I am absolutely delighted to have taken on the role of National Clinical Lead for Palliative and End of Life Care for Nursing.
Having been in post for a few weeks I’m now beginning to link in with key individuals in each of the Health Boards to truly represent nursing across Scotland, ensuring the nursing voice is fully heard on behalf of patients and those important to them.
My passion is communication and I believe fully in the human connection that we as nurses have with our patients.
Compassion is about the human experience of noticing, feeling and responding.
Delivering compassionate care has to be fundamental for all staff, and supporting nurses to be able to do this is one of my main goals.
by Ben Lukins, Programme Manager, Healthcare Improvement Scotland. Follow Ben on Twitter at @blukins1
Our third learning network event took place on 13th October and allowed test sites to share their progress to date and further explore applying the principles of Buurtzorg. It was well-attended, with representatives from health, social care and the third sector and from across Scotland taking part in a lively day of discussions. You can view the Twitter highlights from the day in our Storify.
Sharing early learning from the test sites
Staff from the test sites shared their reflections on developing models of neighbourhood care and their motivations for change. The strong desire to deliver the best care possible to people resonated with everyone and fuelled the enthusiasm for the day. The discussions which followed reaffirmed the importance of this, and people acknowledged that it was acceptable to apply the principles of Buurtzorg in different ways across the different sites.
Enablers and challenges
Discussion about the enablers and challenges of progressing the work highlighted the strength drawn from the common goals of the work: improving care for individuals, and empowering staff. Groups discussed the importance of protecting the test sites and the challenge of doing so, in particular regarding regulation and inspection. People also felt that it was necessary to address misconceptions about obstacles which in fact may not exist, or may be easily addressed. Continue reading “Putting the Buurtzorg Principles into Practice: our third learning network workshop”→
This was the second of three interactive workshops in which delegates learn about the emerging examples of good practice and help influence the future development of Anticipatory Care Planning (ACP) across Scotland.
It was another busy day comprising three plenaries, three breakout sessions, and four updates from the tests of change highlighted at the first meeting.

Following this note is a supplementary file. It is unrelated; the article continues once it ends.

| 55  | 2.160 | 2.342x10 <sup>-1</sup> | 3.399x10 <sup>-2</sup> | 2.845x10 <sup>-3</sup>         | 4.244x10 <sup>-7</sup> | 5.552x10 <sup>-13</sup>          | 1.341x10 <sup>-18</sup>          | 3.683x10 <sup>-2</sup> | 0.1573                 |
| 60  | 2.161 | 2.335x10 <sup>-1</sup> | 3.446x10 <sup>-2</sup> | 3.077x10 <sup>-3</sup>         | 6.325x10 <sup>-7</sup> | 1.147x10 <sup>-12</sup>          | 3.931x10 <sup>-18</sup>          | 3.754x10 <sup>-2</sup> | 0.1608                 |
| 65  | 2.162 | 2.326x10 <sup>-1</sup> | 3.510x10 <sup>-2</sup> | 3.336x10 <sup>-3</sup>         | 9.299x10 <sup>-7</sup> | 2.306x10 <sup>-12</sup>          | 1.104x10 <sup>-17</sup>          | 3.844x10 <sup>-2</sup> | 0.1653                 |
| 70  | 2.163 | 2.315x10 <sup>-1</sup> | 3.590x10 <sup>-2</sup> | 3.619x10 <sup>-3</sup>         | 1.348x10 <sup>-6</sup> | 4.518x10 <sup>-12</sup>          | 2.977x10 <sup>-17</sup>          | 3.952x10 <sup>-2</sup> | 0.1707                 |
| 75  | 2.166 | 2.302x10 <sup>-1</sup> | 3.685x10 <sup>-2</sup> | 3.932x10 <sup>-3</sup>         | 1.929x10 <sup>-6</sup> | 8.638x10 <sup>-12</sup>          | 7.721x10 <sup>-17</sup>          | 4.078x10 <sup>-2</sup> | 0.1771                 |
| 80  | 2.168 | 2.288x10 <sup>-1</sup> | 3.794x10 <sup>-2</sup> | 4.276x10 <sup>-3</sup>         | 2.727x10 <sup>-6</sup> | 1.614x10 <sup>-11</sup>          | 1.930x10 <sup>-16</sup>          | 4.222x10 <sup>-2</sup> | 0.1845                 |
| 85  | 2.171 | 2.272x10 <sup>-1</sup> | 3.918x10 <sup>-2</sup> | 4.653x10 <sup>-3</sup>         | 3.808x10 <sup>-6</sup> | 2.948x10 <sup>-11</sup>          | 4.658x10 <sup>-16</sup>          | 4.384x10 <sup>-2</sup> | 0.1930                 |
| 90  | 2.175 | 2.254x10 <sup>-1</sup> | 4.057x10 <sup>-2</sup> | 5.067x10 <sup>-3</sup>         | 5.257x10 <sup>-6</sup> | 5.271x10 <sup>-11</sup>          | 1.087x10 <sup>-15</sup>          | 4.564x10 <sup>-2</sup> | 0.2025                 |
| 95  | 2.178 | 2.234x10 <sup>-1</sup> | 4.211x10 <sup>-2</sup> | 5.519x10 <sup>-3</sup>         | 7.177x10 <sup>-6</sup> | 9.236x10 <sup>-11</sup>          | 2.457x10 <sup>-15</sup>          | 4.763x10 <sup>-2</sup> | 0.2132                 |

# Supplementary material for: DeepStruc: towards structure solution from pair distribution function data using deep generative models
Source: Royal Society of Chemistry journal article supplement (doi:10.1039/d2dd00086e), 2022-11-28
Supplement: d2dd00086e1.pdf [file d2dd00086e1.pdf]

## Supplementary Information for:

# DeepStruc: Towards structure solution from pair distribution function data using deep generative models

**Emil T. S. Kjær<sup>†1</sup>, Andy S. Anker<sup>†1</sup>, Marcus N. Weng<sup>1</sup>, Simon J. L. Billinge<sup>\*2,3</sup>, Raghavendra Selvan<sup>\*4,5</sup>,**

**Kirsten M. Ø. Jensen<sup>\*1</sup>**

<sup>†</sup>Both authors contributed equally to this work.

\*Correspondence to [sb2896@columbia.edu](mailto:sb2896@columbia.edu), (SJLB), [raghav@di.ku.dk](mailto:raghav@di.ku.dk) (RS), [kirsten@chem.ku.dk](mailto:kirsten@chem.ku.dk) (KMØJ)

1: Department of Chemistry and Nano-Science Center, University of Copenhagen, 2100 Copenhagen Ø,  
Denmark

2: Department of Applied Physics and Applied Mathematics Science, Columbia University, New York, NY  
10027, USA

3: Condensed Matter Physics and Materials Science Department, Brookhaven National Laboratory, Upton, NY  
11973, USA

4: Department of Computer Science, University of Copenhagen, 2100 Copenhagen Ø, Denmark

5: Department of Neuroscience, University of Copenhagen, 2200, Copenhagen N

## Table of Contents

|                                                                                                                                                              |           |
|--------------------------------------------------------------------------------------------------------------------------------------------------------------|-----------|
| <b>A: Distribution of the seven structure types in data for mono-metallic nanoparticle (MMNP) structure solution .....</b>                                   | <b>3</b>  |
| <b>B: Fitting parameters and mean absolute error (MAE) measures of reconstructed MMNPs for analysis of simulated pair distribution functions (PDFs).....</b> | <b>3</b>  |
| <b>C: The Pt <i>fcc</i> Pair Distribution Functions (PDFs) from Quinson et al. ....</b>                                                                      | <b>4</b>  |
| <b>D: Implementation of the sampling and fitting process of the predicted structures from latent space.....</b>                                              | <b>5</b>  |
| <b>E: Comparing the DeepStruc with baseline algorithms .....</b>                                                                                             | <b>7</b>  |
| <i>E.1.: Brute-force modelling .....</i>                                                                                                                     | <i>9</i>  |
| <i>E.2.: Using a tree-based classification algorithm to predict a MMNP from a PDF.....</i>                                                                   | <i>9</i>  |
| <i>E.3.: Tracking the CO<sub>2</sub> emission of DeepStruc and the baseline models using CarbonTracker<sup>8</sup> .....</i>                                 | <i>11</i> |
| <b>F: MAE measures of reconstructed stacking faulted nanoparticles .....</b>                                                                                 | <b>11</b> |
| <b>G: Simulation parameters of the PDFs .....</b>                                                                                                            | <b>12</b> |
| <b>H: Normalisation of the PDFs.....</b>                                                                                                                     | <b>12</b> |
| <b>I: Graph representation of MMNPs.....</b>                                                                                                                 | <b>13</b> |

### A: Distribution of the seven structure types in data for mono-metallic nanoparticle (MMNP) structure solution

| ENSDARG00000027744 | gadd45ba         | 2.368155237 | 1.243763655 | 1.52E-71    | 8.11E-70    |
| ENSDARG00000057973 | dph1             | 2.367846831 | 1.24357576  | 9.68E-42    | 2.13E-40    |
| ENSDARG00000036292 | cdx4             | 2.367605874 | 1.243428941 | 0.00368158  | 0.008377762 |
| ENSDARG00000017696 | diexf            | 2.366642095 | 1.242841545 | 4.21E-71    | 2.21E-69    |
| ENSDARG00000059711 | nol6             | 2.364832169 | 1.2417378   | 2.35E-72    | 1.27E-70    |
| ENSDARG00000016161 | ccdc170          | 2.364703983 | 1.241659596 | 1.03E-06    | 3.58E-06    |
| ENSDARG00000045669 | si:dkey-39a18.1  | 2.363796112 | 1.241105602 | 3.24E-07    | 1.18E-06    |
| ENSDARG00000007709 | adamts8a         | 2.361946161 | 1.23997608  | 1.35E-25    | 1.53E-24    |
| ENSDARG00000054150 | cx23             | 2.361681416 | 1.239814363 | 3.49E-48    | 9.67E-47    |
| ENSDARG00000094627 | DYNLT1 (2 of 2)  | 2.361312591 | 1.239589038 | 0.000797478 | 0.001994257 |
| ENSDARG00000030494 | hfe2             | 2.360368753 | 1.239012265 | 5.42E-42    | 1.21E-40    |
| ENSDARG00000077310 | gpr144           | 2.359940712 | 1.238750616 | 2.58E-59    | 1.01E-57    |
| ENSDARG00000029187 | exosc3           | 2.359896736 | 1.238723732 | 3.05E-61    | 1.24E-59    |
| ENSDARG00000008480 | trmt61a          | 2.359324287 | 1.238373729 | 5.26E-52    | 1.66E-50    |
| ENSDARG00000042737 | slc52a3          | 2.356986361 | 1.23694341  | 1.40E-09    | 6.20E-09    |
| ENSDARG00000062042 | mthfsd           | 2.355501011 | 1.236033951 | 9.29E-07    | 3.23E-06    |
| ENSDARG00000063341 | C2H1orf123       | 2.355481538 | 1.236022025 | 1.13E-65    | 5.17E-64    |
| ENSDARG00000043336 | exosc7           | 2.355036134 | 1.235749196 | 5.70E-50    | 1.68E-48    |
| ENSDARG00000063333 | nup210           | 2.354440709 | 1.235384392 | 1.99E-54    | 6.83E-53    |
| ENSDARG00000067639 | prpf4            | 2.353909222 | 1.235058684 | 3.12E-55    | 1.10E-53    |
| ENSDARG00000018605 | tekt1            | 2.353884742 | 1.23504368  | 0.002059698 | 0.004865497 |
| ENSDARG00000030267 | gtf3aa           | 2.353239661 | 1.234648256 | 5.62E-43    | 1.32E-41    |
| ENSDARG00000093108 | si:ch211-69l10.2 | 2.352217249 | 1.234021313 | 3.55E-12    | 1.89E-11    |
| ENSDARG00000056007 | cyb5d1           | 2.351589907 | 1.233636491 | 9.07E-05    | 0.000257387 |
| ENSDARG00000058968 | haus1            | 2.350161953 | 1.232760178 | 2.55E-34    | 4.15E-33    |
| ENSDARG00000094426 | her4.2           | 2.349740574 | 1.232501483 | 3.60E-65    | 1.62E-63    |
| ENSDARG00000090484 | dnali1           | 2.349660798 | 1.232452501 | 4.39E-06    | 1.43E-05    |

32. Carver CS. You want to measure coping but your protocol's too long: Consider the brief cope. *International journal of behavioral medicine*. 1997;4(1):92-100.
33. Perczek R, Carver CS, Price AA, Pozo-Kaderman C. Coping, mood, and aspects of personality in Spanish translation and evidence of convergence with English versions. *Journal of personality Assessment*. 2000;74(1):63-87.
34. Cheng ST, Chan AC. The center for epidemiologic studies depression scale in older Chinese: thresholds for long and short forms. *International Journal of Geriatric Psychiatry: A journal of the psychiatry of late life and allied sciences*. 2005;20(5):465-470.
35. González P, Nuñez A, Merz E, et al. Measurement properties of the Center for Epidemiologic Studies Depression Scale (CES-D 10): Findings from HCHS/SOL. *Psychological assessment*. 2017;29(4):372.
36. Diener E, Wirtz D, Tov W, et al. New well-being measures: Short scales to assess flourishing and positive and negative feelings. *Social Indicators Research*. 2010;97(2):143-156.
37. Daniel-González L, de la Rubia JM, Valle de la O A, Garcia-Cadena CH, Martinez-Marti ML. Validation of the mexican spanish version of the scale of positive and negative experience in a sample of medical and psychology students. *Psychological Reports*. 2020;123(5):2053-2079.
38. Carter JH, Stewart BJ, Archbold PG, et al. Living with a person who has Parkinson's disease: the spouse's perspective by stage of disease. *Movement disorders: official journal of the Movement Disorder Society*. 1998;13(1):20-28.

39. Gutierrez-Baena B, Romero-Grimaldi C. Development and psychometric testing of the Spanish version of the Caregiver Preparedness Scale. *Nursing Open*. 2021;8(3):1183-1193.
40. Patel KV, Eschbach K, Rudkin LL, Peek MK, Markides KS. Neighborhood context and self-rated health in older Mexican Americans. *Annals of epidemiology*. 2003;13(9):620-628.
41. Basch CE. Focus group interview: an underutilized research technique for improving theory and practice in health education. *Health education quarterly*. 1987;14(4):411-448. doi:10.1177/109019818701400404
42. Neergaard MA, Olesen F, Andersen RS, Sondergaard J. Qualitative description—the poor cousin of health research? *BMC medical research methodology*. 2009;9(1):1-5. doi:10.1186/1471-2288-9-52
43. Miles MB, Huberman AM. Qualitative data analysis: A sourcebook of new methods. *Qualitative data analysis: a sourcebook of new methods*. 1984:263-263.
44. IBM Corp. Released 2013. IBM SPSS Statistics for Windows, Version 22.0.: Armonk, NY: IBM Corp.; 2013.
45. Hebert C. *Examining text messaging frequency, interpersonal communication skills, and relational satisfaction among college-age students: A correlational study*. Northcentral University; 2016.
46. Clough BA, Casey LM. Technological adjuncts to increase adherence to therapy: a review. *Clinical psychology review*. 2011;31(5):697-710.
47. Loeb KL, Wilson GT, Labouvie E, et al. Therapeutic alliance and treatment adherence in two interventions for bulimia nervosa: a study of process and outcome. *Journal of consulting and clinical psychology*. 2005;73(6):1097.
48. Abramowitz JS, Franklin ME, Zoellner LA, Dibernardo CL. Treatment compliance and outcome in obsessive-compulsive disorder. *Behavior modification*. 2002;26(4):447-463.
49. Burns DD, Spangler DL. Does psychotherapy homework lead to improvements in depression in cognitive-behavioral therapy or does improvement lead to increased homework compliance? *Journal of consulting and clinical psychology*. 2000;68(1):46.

Welcome and Opening Remarks
Diane Murray (Associate Chief Nursing Officer, Scottish Government)
Dr Stuart Cumming (National Clinical Lead, Anticipatory Care Planning) Janette Barrie (National Clinical Lead, Anticipatory Care Planning)
Sheila Steel (Associate Improvement Advisor, Anticipatory Care Planning)
Dianestarted proceedings with a personal story on the power of why, and the ways ACP matters to her. Stuart andJanetteintroduced the work so far, what’s progressed and looked to the future. All three providing a reminder that:
Anticipatory care is about people of all ages. Anticipatory care is everyone’s business.
Video highlights from the first Buurtzorg workshop
In this article we look at Buurtzorg, a Dutch model of community care, and talk about the work that we are supporting to test the principles of Buurtzorg in Scotland.
Where did Buurtzorg come from, and what does it involve?
Buurtzorg, which means neighbourhood care, is a delivery model for community care which was established in the Netherlands in 2007 to improve quality of care and outcomes for people. It puts the person at the centre of care and promotes staff autonomy and the provision of holistic care in the community.
Care is delivered by skilled generalist registered nursing teams, with a maximum of 12 nurses in a team. The teams organise themselves, and have a structure that promotes self-management, which gives nurses more freedom to respond to the needs of individuals. Regional coaches are available to support teams, although they work with a number of teams and do not act as managers.
The model was developed in response to a fragmented landscape of home care provision in the Netherlands, in which people were receiving care from multiple practitioners and providers. Rather than carrying out fixed tasks for people in isolation, the Buurtzorg model takes a holistic approach and looks at what patients and service users can learn to do for themselves again, reducing the need for care in the future. Its focus on neighbourhoods allows teams to use informal networks and work together with a range of professionals, such as GPs and pharmacists, and to engage in preventative activities. Continue reading “Testing an innovative model of care in the community: Buurtzorg”→